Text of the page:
Your rights if you’re a non-tenant occupier
You could be a non-tenant occupier if you live somewhere and do not pay any rent.
Being a non-tenant occupier means you have limited rights and you can be evicted fairly easily. You can get help from the council if you need to move out.
Examples of being a non-tenant occupier
You’ll usually be a non-tenant occupier if you live or stay:
in a hotel
in a hospital
on a friend’s couch
in temporary supported accommodation, such as a rehabilitation centre
in dormitory style accommodation with people who are not members of your family
Any rights you do have depend on the agreement you made when you moved in. This can be called an occupancy agreement.
If you have a casual arrangement with no written agreement, it can be hard to prove that you have any rights.
Check if you have tenancy rights
If you can prove you have a tenancy, you’ll have stronger rights.
You can still have a tenancy even if you do not have a written tenancy agreement.
Usually you'll have a tenancy if you and your landlord have agreed:
how much rent you pay
which property or rooms you rent
that you'll live in the property as your main home
Use our tenancy checker to work out your rights.
If you do not pay any rent
You may not have tenancy rights.
Paying rent is usually a requirement to legally prove you have a tenancy.
If you get benefits to pay your rent, this still counts as paying rent.
Rent does not always need to be money. If you’ve agreed to maintain the home or garden in exchange for living there, this could be an agreement to pay rent. This is sometimes called payment in kind.
If you're staying in short-term holiday accommodation
You'll usually be a non-tenant occupier.
If you've lived there for more than 30 days and it's your main home, you could have tenancy rights.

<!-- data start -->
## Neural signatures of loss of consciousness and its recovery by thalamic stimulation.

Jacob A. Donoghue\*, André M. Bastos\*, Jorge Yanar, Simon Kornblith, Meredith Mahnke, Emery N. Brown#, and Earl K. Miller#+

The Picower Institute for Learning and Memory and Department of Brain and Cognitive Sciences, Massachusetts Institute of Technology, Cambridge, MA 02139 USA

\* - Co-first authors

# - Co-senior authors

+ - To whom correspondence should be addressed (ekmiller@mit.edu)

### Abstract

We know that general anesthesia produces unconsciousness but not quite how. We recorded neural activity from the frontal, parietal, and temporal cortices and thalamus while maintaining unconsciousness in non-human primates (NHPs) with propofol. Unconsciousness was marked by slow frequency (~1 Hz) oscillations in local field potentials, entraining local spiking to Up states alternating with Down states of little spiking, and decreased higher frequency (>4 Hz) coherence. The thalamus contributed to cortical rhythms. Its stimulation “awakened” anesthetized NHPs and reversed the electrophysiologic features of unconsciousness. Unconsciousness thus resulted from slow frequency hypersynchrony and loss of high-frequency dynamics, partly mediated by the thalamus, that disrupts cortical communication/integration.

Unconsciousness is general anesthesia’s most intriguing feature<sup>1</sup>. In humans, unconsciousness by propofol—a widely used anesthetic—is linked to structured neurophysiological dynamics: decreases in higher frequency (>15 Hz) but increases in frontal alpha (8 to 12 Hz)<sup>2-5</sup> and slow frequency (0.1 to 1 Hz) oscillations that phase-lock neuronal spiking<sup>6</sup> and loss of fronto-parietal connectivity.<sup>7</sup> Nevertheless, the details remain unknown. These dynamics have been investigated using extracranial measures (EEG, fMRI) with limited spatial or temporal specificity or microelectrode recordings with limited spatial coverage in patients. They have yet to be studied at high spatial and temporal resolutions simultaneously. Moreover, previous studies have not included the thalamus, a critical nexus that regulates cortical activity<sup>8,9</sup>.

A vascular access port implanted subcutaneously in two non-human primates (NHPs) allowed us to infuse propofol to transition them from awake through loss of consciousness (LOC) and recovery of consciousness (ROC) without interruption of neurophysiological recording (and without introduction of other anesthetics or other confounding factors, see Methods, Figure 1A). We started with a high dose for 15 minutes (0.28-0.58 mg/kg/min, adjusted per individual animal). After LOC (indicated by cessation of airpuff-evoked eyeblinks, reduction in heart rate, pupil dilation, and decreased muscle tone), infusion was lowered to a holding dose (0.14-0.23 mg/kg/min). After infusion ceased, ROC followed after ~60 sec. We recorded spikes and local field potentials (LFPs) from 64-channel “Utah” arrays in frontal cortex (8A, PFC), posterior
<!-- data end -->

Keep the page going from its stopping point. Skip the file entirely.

If you’re being asked to leave
If you’re a non-tenant occupier, anyone trying to evict you should give you reasonable notice.
This means they should take into account your situation and give you long enough to find somewhere else to live.
Ask for more time if you need it. For example to find somewhere else to live or to save for a deposit.
Check our advice on finding somewhere to live.
If you refuse to leave
In some cases, anyone asking you to leave may need to get a court order to evict you.
While this could give you more time in the property, the court will probably agree to evict you. You could also be ordered to pay their court expenses.
They will not need to get a court order if you:
live with them or their family
stay in holiday accommodation, like a hotel or holiday cottage
If you're worried about being evicted
Contact a Shelter Scotland housing adviser. They can help you understand:
whether a court order is needed to evict you
how you can negotiate to stay for longer
how to get homeless help from the council
Applying to the council as homeless
You may be classed as homeless if you’re a non-tenant occupier.
This is because you do not have a secure right to live in your home. You do not have to be living on the streets to be homeless.
Make a homeless application with the council if you cannot continue to stay where you are.
Check our guidance on how the council must help you if you’re homeless.
If you're not a British or Irish citizen, your rights to homeless help could be different. Check our advice on how your immigration status affects your housing options.
Last updated: 24 October 2023